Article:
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The Point of Purpose

“You live as if you were destined to live forever, no thought of your frailty ever enters your head, of how much time has already gone by you take no heed. You squander time as if you drew from a full and abundant supply, though all the while that day which you bestow on some person or thing is perhaps your last.” – Seneca

It was way back in the 4thcentury BC that the Stoic philosopher Seneca urged Romans to live life with purpose, imagining every day was their last. Hundreds of years later, Pablo Picasso came to the same conclusion, identifying purpose as the driver of creativity – and of life itself.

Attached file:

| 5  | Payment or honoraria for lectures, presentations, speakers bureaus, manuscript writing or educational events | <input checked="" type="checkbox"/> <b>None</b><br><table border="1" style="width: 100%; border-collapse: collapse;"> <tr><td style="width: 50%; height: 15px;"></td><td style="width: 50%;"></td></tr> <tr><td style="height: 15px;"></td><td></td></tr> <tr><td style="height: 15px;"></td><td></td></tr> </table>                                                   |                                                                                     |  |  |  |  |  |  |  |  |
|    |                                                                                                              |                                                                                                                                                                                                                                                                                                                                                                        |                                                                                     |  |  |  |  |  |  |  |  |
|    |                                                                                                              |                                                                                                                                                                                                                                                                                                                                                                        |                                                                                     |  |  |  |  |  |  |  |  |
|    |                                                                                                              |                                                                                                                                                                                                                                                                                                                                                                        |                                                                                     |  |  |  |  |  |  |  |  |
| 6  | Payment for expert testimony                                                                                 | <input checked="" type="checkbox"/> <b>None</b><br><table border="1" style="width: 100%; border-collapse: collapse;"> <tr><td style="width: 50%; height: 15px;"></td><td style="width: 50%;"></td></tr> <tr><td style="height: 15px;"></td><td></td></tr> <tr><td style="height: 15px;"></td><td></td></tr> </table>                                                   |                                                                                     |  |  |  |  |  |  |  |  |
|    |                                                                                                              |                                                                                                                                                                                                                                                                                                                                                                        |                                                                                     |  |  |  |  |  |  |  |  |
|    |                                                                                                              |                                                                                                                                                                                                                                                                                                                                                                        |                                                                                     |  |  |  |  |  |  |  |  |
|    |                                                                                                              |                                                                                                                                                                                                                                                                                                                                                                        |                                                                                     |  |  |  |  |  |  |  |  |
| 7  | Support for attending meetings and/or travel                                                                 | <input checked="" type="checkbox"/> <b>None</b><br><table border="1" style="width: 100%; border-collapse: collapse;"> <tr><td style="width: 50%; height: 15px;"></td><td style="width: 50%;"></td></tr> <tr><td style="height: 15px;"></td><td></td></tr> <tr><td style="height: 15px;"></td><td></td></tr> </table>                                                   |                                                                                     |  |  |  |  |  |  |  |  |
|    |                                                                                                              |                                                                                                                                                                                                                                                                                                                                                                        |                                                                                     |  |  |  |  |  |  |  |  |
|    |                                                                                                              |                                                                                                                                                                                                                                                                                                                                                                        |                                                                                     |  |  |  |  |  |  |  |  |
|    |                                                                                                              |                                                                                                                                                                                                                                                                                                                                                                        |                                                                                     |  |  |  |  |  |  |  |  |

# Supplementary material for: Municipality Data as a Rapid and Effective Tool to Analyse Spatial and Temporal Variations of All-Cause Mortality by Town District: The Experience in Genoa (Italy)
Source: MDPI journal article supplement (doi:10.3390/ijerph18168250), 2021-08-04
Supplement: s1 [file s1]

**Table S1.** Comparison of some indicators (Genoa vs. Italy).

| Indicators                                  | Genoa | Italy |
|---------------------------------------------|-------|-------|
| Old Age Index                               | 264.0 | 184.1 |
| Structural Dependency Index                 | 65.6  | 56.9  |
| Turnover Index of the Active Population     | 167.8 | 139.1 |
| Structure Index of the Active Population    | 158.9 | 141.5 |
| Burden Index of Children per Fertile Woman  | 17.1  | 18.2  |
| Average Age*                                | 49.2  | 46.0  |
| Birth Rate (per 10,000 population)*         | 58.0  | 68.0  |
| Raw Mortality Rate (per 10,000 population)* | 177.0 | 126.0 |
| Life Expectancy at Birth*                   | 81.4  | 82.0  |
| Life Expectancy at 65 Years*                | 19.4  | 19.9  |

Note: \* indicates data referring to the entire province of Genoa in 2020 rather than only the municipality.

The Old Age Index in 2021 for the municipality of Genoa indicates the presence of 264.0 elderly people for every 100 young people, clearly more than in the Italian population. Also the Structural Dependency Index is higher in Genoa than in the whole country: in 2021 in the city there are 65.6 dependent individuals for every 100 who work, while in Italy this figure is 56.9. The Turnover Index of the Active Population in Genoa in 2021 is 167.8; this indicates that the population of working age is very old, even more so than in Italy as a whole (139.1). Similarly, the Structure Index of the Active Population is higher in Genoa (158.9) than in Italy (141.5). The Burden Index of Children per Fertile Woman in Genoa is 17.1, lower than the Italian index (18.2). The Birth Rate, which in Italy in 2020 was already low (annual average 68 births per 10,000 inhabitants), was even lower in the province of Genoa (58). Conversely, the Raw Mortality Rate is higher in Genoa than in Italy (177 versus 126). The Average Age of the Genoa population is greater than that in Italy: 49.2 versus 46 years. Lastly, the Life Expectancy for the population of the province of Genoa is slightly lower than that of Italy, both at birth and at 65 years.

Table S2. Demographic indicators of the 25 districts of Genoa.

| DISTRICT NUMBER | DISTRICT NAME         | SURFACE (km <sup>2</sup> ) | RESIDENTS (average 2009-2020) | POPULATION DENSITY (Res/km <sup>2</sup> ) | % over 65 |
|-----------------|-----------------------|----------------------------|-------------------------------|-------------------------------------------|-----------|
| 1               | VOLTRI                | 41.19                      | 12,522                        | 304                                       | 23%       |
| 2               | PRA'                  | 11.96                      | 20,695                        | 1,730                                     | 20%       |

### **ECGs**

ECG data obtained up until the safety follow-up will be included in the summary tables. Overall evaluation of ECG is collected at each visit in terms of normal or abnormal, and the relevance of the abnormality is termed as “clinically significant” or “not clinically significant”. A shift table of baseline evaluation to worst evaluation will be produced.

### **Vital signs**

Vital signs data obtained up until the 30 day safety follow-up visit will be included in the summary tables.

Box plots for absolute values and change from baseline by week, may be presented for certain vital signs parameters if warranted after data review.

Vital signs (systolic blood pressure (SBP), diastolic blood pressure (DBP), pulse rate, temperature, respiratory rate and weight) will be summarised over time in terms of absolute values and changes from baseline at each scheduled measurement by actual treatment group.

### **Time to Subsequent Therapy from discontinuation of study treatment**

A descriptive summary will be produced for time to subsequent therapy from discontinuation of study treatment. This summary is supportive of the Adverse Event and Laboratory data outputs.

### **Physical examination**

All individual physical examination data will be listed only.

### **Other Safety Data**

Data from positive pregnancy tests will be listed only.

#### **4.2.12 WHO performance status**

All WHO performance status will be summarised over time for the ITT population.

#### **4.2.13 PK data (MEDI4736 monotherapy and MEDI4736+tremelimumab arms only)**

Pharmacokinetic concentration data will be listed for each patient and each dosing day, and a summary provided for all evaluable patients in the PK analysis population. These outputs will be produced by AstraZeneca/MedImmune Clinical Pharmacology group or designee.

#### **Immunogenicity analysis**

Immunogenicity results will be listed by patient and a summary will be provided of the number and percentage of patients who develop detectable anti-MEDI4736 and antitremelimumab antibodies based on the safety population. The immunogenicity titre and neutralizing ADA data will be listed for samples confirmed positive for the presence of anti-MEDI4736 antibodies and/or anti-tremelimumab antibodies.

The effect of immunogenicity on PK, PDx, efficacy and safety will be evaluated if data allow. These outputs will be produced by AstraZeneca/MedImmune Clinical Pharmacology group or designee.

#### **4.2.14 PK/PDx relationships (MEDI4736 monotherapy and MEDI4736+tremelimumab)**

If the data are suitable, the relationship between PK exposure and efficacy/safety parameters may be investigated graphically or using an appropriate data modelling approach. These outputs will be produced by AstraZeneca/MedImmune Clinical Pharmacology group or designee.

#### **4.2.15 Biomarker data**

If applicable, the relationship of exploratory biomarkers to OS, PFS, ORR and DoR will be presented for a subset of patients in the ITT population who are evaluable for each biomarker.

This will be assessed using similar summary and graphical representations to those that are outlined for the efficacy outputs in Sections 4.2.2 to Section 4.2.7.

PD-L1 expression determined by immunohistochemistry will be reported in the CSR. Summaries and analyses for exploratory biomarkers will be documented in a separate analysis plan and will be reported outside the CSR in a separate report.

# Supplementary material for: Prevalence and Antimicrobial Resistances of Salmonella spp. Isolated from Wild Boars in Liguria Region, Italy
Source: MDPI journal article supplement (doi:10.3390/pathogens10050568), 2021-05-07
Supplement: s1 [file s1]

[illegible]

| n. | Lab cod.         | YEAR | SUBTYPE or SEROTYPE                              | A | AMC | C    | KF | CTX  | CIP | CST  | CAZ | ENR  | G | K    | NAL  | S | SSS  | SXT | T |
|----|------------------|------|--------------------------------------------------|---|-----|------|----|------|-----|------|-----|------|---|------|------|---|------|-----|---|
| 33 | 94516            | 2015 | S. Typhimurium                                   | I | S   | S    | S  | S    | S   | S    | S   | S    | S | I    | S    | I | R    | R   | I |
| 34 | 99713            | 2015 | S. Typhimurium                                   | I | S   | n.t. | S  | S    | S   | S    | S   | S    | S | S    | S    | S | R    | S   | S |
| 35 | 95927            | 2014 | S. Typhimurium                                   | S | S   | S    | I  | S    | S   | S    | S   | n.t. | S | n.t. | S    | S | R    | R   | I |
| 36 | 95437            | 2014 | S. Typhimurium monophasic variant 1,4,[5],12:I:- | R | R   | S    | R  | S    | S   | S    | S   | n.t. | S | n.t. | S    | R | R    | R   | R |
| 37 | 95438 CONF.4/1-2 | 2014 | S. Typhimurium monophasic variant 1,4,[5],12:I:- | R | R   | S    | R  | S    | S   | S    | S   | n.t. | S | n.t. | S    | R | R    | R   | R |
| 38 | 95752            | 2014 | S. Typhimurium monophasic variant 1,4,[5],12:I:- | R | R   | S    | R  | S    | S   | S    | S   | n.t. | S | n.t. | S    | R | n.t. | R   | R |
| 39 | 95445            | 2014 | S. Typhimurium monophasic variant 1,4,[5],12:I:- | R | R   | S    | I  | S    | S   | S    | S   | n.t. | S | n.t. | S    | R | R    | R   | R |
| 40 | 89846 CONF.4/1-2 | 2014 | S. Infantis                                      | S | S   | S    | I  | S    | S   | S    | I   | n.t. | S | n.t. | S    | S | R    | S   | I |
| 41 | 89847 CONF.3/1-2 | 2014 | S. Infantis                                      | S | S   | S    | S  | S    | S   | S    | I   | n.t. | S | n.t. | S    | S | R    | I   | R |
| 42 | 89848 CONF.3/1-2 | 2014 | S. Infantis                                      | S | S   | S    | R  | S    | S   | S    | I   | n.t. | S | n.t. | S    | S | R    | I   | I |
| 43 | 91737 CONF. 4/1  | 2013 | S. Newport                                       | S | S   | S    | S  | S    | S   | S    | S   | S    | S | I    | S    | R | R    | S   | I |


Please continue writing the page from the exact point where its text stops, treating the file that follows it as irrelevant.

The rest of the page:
“The meaning of life is to find your gift, the purpose of life is to give it away,” the French artist said.

Oprah Winfrey echoed his thoughts recently, remarking: “There’s no greater gift than to honour your life’s calling. It’s why you were born. And how you become most truly alive.”

Finding a sense of purpose has been a perennial throughout civilisation, and today – with the impact of COVID-19 forcing us to question all that we know, how we live our lives and the ways in which we find meaning – the point of purpose has never been more relevant.

What is purpose?